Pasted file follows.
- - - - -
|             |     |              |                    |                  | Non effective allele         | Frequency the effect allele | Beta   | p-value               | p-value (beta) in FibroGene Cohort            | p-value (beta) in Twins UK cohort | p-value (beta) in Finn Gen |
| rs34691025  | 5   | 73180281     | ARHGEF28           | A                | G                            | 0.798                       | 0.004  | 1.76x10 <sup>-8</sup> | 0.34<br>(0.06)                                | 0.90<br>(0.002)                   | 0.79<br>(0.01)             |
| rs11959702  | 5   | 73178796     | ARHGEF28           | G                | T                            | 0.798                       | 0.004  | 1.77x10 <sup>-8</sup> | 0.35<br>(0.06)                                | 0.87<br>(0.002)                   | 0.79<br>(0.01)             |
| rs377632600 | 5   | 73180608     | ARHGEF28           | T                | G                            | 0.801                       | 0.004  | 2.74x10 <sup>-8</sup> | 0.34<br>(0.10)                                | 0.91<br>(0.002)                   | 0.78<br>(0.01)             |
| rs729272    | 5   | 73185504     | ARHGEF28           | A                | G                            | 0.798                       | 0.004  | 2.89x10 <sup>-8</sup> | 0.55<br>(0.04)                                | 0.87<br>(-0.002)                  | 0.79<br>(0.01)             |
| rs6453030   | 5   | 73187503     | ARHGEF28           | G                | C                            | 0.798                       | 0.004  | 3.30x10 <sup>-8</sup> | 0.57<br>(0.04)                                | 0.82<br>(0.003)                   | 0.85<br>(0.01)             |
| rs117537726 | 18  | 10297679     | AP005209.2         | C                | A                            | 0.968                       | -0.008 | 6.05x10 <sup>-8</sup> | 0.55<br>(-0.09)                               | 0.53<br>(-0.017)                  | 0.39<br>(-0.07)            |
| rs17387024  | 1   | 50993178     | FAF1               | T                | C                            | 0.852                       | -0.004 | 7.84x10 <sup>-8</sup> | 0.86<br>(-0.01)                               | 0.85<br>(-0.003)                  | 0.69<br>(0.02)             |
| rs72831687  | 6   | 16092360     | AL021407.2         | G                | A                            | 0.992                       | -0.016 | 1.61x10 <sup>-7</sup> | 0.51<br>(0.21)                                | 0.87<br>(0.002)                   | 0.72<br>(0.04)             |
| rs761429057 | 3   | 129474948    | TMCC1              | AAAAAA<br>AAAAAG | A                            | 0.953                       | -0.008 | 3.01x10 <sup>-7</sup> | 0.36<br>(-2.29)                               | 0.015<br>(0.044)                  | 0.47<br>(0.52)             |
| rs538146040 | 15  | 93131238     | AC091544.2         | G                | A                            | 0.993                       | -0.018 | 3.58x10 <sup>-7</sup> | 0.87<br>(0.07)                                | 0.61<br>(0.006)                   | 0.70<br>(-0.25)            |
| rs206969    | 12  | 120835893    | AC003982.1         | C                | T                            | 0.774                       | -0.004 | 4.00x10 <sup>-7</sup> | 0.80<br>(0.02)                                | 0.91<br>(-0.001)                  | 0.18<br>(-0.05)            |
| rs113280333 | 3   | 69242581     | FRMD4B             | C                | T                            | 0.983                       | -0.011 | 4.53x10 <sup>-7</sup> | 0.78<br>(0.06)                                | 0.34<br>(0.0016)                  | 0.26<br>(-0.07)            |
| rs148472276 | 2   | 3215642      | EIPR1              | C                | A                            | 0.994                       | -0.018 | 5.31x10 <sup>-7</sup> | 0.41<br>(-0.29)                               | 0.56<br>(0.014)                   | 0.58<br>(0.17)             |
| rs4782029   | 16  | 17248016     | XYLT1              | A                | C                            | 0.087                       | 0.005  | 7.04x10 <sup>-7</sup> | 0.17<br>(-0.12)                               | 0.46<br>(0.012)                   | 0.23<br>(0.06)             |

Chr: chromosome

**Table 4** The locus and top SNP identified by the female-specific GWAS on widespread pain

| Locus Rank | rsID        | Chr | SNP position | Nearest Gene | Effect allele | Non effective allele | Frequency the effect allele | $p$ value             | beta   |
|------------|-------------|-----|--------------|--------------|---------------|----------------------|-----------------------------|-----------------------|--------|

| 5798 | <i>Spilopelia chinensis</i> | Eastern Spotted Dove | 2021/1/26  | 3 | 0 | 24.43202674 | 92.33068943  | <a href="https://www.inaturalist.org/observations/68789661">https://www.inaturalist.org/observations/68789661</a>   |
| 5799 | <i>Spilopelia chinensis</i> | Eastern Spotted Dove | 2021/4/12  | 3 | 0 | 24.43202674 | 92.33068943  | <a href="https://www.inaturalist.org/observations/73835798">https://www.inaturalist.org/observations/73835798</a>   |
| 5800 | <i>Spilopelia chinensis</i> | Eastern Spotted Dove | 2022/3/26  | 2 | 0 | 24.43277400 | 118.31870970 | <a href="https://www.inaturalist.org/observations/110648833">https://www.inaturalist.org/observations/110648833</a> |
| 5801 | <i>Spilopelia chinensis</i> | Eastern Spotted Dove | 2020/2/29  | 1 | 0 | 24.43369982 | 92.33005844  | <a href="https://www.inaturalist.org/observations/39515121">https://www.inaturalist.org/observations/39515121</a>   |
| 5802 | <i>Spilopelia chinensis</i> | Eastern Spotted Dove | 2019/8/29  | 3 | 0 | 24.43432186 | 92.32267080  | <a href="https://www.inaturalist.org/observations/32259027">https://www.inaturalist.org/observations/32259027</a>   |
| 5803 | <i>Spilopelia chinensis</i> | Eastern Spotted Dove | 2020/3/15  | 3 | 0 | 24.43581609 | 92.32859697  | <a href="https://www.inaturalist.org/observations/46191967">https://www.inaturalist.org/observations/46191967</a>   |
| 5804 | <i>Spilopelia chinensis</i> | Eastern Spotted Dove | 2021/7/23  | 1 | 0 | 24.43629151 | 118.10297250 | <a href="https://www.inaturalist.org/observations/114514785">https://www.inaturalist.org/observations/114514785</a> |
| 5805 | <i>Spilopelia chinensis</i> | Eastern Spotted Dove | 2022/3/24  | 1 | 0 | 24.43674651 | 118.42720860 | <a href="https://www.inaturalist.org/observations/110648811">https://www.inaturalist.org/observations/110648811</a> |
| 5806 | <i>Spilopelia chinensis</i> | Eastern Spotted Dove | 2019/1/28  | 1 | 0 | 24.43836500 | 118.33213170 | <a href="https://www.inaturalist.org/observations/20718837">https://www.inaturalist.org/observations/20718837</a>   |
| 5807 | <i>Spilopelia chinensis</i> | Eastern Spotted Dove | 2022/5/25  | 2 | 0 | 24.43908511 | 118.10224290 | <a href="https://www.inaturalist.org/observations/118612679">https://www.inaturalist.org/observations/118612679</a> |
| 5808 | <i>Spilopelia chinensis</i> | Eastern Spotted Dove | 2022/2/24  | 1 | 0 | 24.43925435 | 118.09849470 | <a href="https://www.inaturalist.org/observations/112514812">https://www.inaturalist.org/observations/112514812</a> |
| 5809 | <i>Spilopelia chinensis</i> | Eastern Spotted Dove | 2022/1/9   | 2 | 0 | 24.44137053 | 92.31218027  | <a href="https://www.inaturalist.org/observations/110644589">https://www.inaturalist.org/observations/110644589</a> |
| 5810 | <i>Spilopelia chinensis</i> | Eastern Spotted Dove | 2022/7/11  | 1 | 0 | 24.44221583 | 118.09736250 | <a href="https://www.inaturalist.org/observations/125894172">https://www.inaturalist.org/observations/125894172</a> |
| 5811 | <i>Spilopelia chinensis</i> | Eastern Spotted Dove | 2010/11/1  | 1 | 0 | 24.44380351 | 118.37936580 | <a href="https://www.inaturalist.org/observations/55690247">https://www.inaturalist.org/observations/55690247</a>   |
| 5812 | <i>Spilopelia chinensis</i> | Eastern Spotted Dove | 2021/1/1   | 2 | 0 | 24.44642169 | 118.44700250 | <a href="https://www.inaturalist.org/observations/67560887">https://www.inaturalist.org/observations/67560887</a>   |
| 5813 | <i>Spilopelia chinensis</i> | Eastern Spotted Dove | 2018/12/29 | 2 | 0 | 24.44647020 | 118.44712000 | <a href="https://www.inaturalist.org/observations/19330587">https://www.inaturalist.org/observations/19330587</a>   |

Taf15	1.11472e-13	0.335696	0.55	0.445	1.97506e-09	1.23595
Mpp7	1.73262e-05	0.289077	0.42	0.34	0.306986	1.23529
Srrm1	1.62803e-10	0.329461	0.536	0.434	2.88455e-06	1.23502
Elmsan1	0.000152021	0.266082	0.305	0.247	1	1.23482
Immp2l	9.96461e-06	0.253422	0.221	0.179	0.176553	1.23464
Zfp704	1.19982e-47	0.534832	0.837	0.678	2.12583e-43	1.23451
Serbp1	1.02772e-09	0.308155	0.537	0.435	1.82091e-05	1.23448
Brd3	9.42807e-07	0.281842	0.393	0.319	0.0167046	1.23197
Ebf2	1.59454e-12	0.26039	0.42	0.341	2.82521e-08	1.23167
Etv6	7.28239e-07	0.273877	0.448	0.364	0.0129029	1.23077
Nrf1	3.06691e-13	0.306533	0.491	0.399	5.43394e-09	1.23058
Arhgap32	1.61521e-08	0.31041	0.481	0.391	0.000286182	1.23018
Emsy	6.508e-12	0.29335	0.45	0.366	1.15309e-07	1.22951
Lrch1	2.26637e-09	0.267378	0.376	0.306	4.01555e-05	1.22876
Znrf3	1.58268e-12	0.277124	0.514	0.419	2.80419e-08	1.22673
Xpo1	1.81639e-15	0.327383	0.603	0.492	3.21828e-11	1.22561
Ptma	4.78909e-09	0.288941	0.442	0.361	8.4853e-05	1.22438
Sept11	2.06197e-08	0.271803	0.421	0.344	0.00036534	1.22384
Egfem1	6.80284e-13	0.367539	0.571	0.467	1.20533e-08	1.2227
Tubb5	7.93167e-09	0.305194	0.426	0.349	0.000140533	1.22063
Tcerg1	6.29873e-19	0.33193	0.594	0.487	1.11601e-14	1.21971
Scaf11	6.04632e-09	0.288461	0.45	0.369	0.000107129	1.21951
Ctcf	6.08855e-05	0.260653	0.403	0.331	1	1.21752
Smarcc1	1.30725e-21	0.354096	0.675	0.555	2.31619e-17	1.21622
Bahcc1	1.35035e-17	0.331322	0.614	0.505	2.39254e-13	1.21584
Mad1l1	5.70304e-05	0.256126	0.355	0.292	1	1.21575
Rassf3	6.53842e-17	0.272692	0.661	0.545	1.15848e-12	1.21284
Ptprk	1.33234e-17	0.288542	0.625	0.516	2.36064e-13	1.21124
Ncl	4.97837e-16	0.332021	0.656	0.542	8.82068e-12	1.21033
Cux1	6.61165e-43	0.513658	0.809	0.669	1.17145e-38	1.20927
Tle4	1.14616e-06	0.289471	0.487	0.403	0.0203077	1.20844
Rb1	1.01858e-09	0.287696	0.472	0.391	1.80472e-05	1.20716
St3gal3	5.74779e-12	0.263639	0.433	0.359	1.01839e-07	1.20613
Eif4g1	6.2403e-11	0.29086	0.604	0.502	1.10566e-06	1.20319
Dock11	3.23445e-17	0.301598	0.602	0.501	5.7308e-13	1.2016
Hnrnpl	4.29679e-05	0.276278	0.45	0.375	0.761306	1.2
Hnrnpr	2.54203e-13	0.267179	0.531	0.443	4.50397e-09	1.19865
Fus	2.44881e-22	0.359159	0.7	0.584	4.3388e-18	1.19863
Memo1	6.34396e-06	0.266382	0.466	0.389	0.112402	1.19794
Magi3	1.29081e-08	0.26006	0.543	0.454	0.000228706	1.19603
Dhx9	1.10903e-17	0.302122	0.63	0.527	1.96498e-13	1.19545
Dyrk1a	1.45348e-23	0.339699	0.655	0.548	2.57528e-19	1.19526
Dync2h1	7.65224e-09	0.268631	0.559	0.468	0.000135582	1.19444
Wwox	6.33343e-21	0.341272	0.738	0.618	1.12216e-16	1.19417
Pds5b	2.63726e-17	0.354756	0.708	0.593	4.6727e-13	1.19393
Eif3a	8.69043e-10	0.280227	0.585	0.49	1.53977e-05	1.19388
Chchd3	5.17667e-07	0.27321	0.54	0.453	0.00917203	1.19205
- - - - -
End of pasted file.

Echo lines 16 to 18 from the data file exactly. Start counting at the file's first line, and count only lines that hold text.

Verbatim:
Chr: chromosome

**Table 4** The locus and top SNP identified by the female-specific GWAS on widespread pain

| Locus Rank | rsID        | Chr | SNP position | Nearest Gene | Effect allele | Non effective allele | Frequency the effect allele | $p$ value             | beta   |